The use of physiologically equivalent test-marks, viz., the digits 5 and g, permits on the one hand a highly accurate comparison of the visual sensation for the left and right eyes when testing the refractive balance, and on the other hand the questioning and answering of questions during all tests is facilitated thus reducing the testing time.
The instrument [Figure - 1] consists of a housing containing two glass plates spaced a few centimeters apart, the outer one of which contains a fine screen of vertical lines and the inside one the test marks which are likewise of screen pattern [Figure - 2]. Both discs are transluminated via an opal glass disc by means of 350 watt bulb behind which a reflector is situated. A pivot serves for fixing the instrument on a wall bracket.
The width of the bright and dark strips of the screen is so narrow that for the testing distance of 5 m no resolution takes place, thus producing the impression of a uniformity transluminated area. The screen-patterned test marks- are arranged on the rear disc relative to the front disc in such a way that by the left eye only the one and by the right eye only the other can be seen simultaneously [Figure - 3]. The figures appear evenly black as their bright strips are being masked by the dark ones of the front screen.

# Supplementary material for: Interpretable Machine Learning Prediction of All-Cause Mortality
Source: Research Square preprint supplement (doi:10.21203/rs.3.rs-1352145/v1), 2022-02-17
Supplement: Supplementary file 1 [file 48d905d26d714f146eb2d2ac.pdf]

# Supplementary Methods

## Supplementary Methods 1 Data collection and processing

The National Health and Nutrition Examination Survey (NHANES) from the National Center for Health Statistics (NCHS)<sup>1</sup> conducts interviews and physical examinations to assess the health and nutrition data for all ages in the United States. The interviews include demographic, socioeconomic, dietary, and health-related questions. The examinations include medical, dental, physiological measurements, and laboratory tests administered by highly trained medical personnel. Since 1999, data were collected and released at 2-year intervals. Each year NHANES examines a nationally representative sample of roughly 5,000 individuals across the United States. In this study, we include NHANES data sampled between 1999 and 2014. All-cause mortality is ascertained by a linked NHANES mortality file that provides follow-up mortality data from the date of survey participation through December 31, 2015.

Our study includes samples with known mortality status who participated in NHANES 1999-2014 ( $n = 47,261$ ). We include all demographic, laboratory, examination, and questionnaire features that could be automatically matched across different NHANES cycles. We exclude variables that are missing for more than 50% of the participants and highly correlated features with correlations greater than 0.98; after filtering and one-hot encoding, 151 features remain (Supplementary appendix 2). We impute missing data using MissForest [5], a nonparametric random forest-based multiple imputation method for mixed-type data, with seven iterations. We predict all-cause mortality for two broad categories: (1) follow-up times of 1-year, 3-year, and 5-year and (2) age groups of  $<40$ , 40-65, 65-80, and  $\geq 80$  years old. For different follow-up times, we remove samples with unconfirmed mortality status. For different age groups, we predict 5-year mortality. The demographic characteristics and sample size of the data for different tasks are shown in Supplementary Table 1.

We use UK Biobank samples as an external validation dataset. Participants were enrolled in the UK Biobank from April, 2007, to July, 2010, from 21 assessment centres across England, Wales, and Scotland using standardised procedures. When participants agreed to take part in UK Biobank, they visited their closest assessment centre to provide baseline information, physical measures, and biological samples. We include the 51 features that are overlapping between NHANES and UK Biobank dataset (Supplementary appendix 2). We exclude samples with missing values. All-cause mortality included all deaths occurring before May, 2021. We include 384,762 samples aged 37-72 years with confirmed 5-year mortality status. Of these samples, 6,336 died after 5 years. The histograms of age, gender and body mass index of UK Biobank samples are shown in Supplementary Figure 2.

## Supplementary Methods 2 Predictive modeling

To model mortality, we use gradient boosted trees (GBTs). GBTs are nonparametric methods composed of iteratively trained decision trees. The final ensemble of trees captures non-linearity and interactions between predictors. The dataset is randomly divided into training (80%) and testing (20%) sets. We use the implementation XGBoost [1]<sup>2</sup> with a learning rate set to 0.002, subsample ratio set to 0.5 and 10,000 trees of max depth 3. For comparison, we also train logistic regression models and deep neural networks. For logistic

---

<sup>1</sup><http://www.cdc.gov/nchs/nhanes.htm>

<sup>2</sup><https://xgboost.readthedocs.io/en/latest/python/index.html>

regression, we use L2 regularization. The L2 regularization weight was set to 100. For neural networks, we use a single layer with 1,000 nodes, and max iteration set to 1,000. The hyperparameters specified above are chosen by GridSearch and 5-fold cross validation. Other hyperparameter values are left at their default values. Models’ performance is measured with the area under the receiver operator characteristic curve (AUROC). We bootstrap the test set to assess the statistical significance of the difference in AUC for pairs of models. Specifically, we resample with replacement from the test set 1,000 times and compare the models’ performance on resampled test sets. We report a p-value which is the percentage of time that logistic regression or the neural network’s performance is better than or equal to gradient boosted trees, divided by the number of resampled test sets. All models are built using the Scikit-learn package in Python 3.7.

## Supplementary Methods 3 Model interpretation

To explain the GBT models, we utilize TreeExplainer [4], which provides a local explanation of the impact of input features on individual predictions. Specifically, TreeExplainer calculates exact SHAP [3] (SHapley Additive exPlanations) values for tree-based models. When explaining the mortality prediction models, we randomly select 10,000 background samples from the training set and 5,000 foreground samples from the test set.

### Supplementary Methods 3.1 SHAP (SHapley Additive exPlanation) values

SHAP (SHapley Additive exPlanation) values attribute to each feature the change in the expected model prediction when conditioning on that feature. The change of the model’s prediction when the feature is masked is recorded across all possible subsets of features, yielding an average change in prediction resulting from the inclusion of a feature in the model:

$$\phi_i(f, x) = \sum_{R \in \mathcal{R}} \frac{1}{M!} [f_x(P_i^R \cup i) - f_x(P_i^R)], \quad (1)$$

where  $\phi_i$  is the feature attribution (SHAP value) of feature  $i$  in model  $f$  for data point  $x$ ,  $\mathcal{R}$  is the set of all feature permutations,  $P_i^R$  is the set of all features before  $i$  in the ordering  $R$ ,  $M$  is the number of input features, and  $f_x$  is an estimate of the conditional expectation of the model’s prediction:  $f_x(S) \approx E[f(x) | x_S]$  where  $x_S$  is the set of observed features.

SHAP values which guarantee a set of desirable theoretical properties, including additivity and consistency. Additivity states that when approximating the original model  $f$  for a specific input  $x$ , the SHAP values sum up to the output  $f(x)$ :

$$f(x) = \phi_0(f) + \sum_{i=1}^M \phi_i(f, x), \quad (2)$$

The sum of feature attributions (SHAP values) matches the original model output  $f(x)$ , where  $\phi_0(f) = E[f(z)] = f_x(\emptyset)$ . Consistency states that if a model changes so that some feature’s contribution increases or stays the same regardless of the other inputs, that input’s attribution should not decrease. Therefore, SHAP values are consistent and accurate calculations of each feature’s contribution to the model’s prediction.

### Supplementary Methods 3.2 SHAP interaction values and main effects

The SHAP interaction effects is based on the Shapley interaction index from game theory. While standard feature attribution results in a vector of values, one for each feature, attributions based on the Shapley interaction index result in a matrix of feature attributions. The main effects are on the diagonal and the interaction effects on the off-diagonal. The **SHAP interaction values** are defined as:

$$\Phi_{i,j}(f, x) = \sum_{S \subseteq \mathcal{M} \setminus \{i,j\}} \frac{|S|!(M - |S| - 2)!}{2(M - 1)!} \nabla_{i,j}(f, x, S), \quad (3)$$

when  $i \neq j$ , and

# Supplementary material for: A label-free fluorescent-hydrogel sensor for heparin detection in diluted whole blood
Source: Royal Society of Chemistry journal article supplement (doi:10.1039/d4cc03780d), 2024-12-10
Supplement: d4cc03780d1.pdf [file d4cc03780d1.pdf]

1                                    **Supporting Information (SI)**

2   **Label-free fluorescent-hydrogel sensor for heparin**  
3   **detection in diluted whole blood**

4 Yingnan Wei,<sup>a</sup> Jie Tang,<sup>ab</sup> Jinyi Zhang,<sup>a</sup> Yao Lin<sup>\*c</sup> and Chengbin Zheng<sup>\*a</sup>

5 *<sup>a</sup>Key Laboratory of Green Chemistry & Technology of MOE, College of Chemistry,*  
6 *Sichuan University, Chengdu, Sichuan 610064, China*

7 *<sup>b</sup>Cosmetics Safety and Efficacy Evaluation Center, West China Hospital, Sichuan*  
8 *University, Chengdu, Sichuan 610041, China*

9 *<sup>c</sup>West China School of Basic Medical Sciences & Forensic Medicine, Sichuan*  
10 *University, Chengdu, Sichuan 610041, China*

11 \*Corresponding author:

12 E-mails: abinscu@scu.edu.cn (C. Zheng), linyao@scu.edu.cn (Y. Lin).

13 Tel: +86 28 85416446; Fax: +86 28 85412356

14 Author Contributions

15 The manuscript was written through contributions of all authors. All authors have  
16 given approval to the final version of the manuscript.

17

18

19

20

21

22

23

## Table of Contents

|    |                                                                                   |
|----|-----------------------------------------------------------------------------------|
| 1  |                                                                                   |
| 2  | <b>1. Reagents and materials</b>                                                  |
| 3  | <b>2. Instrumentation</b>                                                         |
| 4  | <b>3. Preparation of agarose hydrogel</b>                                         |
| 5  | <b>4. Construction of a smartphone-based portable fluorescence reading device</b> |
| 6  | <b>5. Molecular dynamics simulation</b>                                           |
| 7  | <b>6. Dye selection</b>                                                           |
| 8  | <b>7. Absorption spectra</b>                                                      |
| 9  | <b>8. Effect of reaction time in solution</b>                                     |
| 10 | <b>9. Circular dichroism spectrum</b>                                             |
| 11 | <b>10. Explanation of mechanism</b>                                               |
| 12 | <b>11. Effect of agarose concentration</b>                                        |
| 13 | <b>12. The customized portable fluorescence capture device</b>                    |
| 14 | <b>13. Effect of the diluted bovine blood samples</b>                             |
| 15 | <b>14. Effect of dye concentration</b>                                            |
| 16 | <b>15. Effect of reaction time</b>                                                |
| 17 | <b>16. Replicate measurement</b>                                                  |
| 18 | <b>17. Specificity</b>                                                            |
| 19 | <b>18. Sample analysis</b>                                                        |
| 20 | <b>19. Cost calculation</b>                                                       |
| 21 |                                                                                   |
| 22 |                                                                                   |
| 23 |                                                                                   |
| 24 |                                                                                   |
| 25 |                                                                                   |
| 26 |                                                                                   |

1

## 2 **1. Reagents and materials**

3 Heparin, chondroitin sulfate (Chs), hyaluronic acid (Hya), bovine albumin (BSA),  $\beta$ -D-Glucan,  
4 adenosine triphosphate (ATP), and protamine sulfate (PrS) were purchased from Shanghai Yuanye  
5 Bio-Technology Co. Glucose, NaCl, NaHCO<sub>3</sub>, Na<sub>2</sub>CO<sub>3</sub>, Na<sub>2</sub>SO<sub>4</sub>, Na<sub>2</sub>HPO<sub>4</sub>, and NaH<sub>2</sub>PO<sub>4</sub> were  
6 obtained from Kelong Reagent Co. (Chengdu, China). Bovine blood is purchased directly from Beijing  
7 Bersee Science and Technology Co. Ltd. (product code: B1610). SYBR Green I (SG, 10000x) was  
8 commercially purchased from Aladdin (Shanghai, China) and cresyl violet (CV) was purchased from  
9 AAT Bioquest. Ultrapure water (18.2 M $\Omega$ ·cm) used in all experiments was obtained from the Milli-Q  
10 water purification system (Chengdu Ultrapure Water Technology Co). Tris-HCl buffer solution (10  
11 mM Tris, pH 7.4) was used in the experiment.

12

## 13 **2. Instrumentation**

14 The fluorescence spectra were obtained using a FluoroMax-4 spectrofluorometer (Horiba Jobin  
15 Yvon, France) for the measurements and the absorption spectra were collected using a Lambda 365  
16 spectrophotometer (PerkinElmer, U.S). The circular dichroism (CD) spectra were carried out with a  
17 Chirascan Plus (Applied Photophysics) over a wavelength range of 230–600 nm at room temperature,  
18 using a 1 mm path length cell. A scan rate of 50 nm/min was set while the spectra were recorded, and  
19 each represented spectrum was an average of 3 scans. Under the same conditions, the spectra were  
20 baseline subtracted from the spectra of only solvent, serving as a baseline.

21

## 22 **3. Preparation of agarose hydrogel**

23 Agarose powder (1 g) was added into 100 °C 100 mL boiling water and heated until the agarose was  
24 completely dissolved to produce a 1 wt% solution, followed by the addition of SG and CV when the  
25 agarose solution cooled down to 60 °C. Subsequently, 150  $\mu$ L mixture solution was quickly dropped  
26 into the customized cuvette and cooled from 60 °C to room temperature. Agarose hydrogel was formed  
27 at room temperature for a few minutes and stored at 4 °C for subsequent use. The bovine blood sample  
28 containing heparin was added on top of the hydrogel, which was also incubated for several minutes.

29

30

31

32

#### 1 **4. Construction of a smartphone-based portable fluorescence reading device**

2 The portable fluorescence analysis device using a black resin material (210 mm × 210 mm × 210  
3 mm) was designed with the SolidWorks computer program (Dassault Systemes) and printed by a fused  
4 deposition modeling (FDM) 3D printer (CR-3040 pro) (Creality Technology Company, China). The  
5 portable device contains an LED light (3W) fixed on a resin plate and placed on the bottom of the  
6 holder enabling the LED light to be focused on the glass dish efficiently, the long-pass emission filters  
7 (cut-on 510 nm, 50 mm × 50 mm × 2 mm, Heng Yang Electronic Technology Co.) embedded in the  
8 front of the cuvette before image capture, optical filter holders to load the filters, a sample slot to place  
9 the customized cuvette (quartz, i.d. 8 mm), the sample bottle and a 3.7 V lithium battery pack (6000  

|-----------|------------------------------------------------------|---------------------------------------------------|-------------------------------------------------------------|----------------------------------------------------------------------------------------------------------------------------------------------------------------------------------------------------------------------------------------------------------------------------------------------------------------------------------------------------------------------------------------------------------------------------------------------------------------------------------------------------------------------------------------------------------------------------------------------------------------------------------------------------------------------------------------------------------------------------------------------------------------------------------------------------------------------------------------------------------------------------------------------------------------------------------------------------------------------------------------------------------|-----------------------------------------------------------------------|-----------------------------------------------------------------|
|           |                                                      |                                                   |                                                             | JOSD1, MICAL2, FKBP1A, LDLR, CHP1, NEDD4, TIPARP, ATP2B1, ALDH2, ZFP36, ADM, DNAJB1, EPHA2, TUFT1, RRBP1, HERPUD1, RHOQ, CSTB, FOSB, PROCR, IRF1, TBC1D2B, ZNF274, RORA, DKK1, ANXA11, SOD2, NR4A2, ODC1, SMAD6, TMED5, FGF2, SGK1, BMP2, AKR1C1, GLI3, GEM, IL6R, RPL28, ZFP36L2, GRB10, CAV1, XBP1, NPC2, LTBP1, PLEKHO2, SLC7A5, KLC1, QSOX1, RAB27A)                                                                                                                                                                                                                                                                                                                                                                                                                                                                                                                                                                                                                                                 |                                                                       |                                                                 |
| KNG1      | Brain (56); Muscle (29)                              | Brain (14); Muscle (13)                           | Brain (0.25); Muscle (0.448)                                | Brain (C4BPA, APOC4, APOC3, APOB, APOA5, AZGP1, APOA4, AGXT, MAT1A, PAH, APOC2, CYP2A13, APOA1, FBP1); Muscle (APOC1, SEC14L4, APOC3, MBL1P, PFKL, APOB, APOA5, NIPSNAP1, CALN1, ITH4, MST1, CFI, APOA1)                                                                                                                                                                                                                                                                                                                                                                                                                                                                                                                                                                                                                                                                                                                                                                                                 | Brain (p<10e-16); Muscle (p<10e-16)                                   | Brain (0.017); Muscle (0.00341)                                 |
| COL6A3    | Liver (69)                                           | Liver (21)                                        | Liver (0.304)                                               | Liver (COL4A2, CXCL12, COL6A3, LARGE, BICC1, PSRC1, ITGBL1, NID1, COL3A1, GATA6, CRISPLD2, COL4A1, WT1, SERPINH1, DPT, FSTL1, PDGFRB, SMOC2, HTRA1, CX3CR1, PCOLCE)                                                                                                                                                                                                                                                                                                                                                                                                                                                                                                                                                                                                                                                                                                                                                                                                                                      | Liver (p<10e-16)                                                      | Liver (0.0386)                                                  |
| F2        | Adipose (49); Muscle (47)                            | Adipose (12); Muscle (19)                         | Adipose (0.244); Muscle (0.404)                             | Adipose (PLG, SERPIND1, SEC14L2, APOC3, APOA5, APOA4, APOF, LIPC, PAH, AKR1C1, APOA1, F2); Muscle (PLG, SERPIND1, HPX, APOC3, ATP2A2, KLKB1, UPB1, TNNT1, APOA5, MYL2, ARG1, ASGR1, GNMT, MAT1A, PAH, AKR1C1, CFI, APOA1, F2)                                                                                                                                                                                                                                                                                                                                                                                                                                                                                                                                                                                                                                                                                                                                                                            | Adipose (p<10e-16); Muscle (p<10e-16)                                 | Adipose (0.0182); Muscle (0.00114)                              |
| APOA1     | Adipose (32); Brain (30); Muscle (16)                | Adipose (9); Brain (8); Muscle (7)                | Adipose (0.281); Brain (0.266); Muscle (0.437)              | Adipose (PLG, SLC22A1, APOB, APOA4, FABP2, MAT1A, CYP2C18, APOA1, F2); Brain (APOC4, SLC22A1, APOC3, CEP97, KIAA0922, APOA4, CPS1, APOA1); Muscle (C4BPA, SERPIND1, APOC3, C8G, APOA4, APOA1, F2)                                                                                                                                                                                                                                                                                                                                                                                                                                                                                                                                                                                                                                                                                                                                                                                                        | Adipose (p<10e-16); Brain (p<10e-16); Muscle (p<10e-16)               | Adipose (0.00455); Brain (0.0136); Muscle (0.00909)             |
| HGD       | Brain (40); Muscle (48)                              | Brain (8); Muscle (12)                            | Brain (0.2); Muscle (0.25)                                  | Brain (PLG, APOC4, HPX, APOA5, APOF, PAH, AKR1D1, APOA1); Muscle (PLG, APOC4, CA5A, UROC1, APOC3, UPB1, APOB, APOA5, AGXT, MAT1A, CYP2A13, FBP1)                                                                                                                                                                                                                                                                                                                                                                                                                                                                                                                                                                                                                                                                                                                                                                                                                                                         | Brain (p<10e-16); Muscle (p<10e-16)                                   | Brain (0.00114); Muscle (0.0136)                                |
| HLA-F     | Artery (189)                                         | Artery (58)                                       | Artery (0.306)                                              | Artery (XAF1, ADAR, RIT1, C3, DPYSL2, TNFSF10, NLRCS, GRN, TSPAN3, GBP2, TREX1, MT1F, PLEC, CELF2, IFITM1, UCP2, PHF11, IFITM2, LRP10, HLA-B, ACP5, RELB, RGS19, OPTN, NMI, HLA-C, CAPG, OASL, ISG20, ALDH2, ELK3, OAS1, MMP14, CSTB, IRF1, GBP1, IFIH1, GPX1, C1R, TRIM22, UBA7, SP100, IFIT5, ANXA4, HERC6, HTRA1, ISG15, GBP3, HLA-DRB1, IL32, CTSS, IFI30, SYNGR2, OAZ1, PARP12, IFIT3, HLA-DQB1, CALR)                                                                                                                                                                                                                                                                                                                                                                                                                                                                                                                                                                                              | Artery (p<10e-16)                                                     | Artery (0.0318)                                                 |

Both are available in two sizes corresponding to acuities of 0.2 and 0.7. The luminous density of the transluminated parts of the discs is so high that the test marks appear in distinct contrast, but without the luminous field causing any dazzling effect.
After switching on the lamp the patient, sitting 5 meters away, is to be instructed to align his sideway position in such a way that when covering one eye he can perceive the full figure 6 or 9 in black. Minor lateral movements of the head do not matter, so that it is not necessary to fx the hitherto known separating method. To produce the refraction balance the correcting lenses are to be changed until the patient perceives the two groups of figures at the same density. To obtain the muscular balance, correction is carried out in the known manner prismatic lenses until a stationary position of the two groups of figures is obtained at normal distance.
Besides the direct observation of the test marks at a distance of 5 m, also indirect observation is possible via a mirror (2x2.5 m distance). For this purpose the instrument must be provided with mirror-image test marks. To prevent the mirror from stimulating fusion it should have a diameter of at least 200 m.
[Figure - 1], [Figure - 2], [Figure - 3]